ate left. This movement, when attempted, revealed a state of affairs fearful to the National army. The latter, as their advance moved forward, were opened upon by a fierce fire of cannon, shot, shell, and bullets, and at the same moment a large number of Lee's troops were making a flank movement that might imperil the whole of Pope's army. A very severe battle soon occurred. Porter's corps, which had recoiled at the unexpected blow, was rallied, and performed specially good service; and Jackson's advanced line was steadily pushed back until five o'clock in the afternoon, when Longstreet turned the tide of battle by pouring a destructive artillery fire upon the Nationals. Line after line was swept away, and very soon the whole left was put to flight. Jackson advanced, and Longstreet pushed his heavy columns against Pope's centre, while the Confederate artillery was doing fearful execution. The left of the Nationals, though pushed back, was unbroken, and held the Warrenton pike,
Harper's Encyclopedia of United States History (ed. Benson Lossing), Cedar Mountain, battle of (search)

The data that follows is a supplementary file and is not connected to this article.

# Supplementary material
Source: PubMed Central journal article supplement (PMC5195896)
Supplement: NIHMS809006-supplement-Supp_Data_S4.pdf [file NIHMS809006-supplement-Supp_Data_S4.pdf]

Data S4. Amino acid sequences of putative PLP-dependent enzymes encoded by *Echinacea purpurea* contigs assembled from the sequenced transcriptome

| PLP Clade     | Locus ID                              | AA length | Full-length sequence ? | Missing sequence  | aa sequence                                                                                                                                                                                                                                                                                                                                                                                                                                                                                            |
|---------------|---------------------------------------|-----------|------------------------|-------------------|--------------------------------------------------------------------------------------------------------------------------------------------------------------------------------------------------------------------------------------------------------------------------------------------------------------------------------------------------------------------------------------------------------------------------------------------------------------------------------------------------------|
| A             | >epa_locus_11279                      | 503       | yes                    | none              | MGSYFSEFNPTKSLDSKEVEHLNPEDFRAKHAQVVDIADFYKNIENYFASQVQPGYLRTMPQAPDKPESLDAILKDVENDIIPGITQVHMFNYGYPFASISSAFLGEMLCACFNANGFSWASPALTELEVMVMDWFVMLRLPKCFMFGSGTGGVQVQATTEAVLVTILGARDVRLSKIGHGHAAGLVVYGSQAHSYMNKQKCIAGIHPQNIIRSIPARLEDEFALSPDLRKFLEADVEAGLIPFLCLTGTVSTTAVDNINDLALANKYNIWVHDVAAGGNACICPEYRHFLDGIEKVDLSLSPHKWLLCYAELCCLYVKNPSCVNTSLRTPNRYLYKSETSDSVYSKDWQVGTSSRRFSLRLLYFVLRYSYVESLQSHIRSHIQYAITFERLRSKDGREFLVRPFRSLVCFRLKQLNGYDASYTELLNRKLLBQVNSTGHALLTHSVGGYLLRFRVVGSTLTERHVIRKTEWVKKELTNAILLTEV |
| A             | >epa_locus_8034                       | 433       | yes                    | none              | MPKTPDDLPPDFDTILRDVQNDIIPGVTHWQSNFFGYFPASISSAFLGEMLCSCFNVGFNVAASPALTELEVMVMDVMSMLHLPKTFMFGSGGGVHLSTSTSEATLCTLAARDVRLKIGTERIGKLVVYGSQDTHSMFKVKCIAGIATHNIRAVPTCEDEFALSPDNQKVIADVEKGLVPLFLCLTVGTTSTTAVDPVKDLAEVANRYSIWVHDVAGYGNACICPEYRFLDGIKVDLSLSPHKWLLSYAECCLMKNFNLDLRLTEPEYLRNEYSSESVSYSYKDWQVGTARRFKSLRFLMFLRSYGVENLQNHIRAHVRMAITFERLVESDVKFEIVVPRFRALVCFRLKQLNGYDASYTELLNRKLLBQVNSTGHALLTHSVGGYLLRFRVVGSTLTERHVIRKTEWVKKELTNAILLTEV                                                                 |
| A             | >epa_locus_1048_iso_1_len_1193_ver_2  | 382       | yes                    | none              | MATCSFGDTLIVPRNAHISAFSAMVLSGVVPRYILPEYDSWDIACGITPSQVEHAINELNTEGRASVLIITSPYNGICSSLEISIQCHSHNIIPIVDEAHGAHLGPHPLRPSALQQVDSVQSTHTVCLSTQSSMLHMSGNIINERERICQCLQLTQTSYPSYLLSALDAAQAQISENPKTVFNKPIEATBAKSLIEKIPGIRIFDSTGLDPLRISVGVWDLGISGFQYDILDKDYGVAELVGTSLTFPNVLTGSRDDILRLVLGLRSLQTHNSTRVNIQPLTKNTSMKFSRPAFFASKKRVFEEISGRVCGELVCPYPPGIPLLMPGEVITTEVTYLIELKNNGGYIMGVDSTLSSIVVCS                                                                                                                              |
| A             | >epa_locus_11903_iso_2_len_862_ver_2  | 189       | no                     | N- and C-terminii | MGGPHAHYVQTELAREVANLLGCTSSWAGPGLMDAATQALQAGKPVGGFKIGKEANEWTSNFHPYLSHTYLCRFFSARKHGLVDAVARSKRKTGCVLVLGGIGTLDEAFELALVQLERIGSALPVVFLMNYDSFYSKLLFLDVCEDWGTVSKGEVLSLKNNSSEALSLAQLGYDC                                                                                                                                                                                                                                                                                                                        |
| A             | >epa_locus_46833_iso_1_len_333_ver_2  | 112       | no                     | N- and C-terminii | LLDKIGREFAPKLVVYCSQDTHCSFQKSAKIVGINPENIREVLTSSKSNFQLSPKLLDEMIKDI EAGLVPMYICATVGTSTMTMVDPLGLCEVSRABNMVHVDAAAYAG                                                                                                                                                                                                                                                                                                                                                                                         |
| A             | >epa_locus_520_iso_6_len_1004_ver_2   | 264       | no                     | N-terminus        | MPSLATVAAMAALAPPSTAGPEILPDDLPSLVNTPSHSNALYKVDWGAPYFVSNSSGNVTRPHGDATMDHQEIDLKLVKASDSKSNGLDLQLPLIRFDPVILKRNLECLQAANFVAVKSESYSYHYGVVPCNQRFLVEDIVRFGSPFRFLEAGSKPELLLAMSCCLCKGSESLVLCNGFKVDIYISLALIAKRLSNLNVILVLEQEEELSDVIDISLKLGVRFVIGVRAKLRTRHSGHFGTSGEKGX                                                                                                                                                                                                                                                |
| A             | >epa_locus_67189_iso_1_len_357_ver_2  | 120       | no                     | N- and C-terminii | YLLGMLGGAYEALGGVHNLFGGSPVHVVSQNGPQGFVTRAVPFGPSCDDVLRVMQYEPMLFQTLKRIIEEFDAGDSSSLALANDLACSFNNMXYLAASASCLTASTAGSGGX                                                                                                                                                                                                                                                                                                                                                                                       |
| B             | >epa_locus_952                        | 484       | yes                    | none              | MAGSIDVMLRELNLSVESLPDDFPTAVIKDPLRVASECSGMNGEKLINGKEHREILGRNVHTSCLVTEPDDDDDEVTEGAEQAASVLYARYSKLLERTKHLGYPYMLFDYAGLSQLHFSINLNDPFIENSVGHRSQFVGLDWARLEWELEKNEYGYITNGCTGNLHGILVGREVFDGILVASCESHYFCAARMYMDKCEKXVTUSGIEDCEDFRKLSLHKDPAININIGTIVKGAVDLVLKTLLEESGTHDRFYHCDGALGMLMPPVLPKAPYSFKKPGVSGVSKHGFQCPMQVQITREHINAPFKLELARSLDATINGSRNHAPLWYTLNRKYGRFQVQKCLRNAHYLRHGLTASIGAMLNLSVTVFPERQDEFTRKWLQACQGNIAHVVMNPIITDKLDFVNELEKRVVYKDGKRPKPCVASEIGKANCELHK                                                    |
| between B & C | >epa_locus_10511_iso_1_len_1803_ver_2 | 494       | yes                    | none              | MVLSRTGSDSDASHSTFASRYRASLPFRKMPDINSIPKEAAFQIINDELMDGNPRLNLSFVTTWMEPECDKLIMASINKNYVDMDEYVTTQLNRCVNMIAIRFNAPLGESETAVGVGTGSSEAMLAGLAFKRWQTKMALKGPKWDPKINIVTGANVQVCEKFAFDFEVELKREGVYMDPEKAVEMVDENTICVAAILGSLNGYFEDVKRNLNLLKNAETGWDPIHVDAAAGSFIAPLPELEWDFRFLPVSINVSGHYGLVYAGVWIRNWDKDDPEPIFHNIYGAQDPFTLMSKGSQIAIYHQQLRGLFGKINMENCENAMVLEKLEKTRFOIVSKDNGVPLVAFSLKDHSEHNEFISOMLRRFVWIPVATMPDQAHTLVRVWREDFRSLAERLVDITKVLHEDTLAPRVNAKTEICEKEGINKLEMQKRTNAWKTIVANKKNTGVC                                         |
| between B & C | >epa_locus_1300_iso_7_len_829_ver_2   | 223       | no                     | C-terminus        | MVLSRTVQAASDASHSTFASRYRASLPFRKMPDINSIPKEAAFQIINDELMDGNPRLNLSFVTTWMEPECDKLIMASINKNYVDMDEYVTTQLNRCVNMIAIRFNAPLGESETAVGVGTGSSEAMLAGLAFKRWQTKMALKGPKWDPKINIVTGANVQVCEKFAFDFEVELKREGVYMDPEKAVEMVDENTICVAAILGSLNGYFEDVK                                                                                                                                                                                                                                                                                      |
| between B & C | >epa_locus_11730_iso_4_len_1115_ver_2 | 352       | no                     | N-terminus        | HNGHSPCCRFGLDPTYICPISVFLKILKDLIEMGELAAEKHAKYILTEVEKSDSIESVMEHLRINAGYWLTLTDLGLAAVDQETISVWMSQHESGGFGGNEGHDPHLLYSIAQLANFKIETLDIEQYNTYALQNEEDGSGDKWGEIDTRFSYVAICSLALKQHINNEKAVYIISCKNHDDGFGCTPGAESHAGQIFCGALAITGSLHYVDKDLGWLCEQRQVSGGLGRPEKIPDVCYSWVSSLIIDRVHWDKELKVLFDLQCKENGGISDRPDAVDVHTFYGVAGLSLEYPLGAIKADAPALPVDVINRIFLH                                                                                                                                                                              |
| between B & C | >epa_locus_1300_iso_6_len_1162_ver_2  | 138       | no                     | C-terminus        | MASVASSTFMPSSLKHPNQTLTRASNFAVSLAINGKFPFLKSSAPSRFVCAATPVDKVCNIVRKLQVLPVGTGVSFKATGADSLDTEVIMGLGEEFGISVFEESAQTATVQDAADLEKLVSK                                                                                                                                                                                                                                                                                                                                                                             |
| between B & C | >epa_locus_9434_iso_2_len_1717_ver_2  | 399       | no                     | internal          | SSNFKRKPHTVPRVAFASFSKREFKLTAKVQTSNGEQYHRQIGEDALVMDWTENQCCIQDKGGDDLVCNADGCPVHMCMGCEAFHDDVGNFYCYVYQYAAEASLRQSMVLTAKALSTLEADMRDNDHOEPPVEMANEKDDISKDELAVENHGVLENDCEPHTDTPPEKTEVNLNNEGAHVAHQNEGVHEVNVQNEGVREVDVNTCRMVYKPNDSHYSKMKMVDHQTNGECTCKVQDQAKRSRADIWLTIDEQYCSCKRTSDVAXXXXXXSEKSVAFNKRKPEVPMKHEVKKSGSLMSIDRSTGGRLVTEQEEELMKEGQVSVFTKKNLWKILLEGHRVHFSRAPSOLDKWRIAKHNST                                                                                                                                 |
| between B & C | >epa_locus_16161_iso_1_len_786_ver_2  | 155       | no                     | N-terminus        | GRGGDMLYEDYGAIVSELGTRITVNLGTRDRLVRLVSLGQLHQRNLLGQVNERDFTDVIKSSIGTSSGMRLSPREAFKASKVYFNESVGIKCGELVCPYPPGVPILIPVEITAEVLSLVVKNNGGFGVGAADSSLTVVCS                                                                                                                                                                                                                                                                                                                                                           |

n August. Jackson, reinforced, had thrown his army across the Rapidan River on the morning of the 8th, and driven the National cavalry back on Culpeper Court-house. Gen. S. W. Crawford was sent with his brigade to assist the latter in retarding Jackson's march, and to ascertain his real intentions, if possible. The movements of the Confederates were so mysterious that it was difficult to guess where they intended to strike. On the morning of Aug. 9, Pope sent General Banks forward with aboutoad. The Confederates planted batteries, and opened fire upon Crawford's batteries. Before Crawford and Banks were about 20,000 veteran soldiers in line of battle. Against these Banks moved towards evening, and almost simultaneously fell upon Jackson's right and left. The attacking force was composed of the division of General Auger (the advance led by General Geary) and the division of General Williams, of which Crawford's brigade was a part. The battle now became general, and raged for